African helmeted turtle

African helmeted turtle
Scientific classification
Kingdom: Animalia
Phylum: Chordata
Class: Reptilia
Order: Testudines
Suborder: Pleurodira
Family: Pelomedusidae
Genus: Pelomedusa
Wagler, 1830
Species: P. subrufa
Binomial name
Pelomedusa subrufa
(Lacépède, 1788)
  • Testudo planitia Meuschen, 1778
  • Testudo subrufa Lacépède, 1788
  • Testudo galeata Schoepff, 1792
  • Testudo badia Donndorff, 1798
  • Testudo rubicunda Suckow, 1798
  • Emys galeata Schweigger, 1812
  • Emys olivacea Schweigger, 1812
  • Emys subrufa Schweigger, 1812
  • Hydraspis galeata Bell, 1828
  • Pelomedusa galeata Wagler, 1830
  • Pelomedusa subrufa Wagler, 1830
  • Chelys (Hydraspis) subrufa Gray, 1831
  • Hydraspis subrufa Gray, 1831
  • Pentonyx capensis Duméril & Bibron, 1835
  • Pentonyx galeata Duméril & Bibron, 1835
  • Emys (Emys) capensis Fitzinger, 1835
  • Hydraspis (Pelomedusa) galeata Fitzinger, 1835
  • Hydraspis (Pelomedusa) olivacea Fitzinger, 1835
  • Hydraspis (Pelomedusa) planitia Fitzinger, 1835
  • Pentonyx gehafie Rüppell, 1835
  • Pelomedusa gehafiae Gray, 1844 (ex errore)
  • Pentonyx americana Cornalia, 1849
  • Pelomedusa mossambicensis Peters, 1856 (nomen nudum)
  • Pelomedusa mozambica Peters, 1856 (nomen nudum)
  • Pelomedusa nigra Gray, 1863
  • Pelomedusa gasconi Rochebrune, 1884
  • Pelomedusa galeata damarensis Hewitt, 1935
  • Pelomedusa galeata devilliersi Hewitt, 1935
  • Pelomedusa galeata galeata Hewitt, 1935
  • Pelomedusa galeata nigra Hewitt, 1935
  • Pelomedusa galeata orangensis Hewitt, 1935
  • Pelomedusa galeata subrufa Hewitt, 1935
  • Pelomedusa galeata gehafie Parker, 1936
  • Pelomedusa subrufa subrufa Mertens, 1937
  • Pelomedusa subrufa damarensis Mertens, 1937
  • Pelomedusa subrufa gehafie Mertens, 1937
  • Pelomedusa subrufa wettsteini Mertens, 1937
  • Pelomedusa subrufa orangensis Hewitt, 1937
  • Pelomedusa subrufa olivacea Loveridge, 1941
  • Pelomedusa subrufa damaranus Heck, 1955 (ex errore)
  • Pelomedusa subrufa nigra Bour, 1986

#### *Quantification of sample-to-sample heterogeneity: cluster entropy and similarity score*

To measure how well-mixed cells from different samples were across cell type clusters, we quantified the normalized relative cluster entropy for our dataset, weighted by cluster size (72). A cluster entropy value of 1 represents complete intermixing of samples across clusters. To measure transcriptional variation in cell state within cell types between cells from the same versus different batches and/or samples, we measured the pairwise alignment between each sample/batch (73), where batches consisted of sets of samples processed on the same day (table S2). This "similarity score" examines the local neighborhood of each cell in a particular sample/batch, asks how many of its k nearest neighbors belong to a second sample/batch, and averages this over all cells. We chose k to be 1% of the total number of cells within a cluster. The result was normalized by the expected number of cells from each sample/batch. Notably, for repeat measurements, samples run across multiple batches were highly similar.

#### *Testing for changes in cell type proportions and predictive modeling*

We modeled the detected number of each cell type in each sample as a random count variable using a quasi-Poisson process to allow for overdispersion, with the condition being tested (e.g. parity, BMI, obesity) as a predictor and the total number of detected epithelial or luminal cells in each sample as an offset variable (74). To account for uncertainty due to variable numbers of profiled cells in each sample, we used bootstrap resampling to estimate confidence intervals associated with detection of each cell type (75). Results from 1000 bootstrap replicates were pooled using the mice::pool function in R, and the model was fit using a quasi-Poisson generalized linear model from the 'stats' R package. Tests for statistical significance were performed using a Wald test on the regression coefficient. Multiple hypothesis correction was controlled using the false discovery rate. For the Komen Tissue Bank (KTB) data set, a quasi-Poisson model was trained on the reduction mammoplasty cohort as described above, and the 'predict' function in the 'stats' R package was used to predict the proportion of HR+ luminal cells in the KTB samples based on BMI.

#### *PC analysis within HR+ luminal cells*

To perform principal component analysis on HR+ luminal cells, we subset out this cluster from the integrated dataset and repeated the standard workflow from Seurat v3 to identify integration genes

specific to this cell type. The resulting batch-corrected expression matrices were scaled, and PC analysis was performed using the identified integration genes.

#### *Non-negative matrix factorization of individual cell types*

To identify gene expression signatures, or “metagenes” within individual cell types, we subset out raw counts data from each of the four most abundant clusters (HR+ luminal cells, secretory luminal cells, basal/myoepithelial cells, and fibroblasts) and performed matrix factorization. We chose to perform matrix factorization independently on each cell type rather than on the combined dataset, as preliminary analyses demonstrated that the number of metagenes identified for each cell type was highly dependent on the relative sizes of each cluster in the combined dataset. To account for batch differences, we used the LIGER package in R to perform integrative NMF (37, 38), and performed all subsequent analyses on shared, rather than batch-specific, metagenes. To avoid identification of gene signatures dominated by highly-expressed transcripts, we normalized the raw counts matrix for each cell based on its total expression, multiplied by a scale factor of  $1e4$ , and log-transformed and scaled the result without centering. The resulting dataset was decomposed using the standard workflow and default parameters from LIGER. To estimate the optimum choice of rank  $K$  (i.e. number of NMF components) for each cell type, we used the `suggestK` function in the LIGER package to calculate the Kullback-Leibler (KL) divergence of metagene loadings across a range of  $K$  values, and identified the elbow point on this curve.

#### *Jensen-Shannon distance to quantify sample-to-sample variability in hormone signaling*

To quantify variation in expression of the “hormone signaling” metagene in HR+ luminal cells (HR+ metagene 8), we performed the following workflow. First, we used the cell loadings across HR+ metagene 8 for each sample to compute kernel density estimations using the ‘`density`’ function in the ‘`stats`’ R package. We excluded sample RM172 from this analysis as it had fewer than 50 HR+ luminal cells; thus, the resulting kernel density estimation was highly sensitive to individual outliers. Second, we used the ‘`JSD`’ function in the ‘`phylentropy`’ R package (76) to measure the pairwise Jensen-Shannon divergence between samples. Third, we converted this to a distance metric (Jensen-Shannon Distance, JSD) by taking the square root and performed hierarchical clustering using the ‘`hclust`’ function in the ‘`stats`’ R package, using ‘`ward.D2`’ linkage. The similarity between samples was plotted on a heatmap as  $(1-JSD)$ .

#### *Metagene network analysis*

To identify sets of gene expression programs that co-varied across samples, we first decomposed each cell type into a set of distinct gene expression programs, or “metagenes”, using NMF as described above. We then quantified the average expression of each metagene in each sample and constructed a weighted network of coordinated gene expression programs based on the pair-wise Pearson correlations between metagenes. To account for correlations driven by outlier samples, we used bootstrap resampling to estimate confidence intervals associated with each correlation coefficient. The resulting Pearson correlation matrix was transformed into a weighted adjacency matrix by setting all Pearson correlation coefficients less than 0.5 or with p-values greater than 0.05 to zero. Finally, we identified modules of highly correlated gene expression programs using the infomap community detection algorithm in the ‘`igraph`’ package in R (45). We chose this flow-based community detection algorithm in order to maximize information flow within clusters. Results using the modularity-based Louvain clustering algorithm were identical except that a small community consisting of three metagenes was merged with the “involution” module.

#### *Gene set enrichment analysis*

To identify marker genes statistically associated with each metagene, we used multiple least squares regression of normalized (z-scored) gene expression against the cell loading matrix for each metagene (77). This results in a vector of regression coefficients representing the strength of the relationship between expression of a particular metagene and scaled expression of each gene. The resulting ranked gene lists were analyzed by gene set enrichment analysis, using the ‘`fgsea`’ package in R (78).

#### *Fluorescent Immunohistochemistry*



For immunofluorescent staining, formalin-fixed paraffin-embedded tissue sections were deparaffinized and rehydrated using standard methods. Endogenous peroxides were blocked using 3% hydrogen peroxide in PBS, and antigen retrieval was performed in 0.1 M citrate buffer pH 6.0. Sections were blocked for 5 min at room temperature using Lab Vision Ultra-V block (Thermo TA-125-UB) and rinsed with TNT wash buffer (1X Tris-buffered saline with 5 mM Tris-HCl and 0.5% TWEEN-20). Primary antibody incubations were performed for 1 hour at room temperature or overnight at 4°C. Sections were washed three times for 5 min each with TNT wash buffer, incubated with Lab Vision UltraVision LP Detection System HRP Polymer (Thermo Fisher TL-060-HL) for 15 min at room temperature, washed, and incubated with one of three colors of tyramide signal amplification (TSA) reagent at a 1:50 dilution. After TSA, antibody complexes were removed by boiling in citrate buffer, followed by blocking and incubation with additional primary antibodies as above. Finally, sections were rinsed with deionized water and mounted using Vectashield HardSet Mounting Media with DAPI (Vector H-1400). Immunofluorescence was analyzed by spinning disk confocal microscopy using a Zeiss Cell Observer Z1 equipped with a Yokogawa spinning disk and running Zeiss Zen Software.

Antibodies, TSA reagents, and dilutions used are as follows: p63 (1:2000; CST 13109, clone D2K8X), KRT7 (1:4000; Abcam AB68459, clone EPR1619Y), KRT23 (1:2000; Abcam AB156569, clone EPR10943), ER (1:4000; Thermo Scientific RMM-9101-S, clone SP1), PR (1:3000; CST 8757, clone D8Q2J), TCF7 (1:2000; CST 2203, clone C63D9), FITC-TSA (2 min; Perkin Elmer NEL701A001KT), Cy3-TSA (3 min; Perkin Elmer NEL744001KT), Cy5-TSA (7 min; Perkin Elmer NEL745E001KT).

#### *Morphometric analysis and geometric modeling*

The African helmeted turtle (Pelomedusa subrufa), also known as the marsh terrapin, crocodile turtle, or in the pet trade as African side-necked turtle, is an omnivorous side-necked terrapin that naturally occurs in fresh and stagnant water bodies throughout much of Sub-Saharan Africa, and even in southern Yemen.


Side view of a captive specimen, showing claws and lighter underside

The Marsh Terrapin is typically a rather small turtle, with most individuals being less than 20 cm in carapace length, but one has been recorded with a carapace length of 32.5 cm. It has a black or brown carapace (shell). The tops of the tail and limbs are a grayish brown, while the underside is yellowish.

The male turtle is distinguished by its long, thick tail. A female tends to have a shorter tail and a broader carapace. A hatchling has a shell size of about 1.2 inches in length, and is olive to black in color. It also has two small tubercles under the chin and musk glands in the sides of the carapace.

Uniquely, Pelomedusa does not have a hinged plastron (lower shell). All the other species in the family Pelomedusidae, however, have this feature which they can, using muscles, close to cover their heads and front limbs. Unlike many chelonians, African helmeted turtles are able, when they find themselves upside down, to right themselves with a vigorous flick from their long muscular necks.[2]

Recent genetic research suggests that Pelomedusa comprises at least 10 different species, and not only one as previously thought. In the past the physical differences between populations were not regarded as substantial enough to recognise more than one species.[3]


The range of P. subrufa covers a large portion of Africa, from the Cape Peninsula to the Sudan. It can be found as far west as Ghana and as far south as Cape Town. It has also been found in Madagascar and Yemen.[4]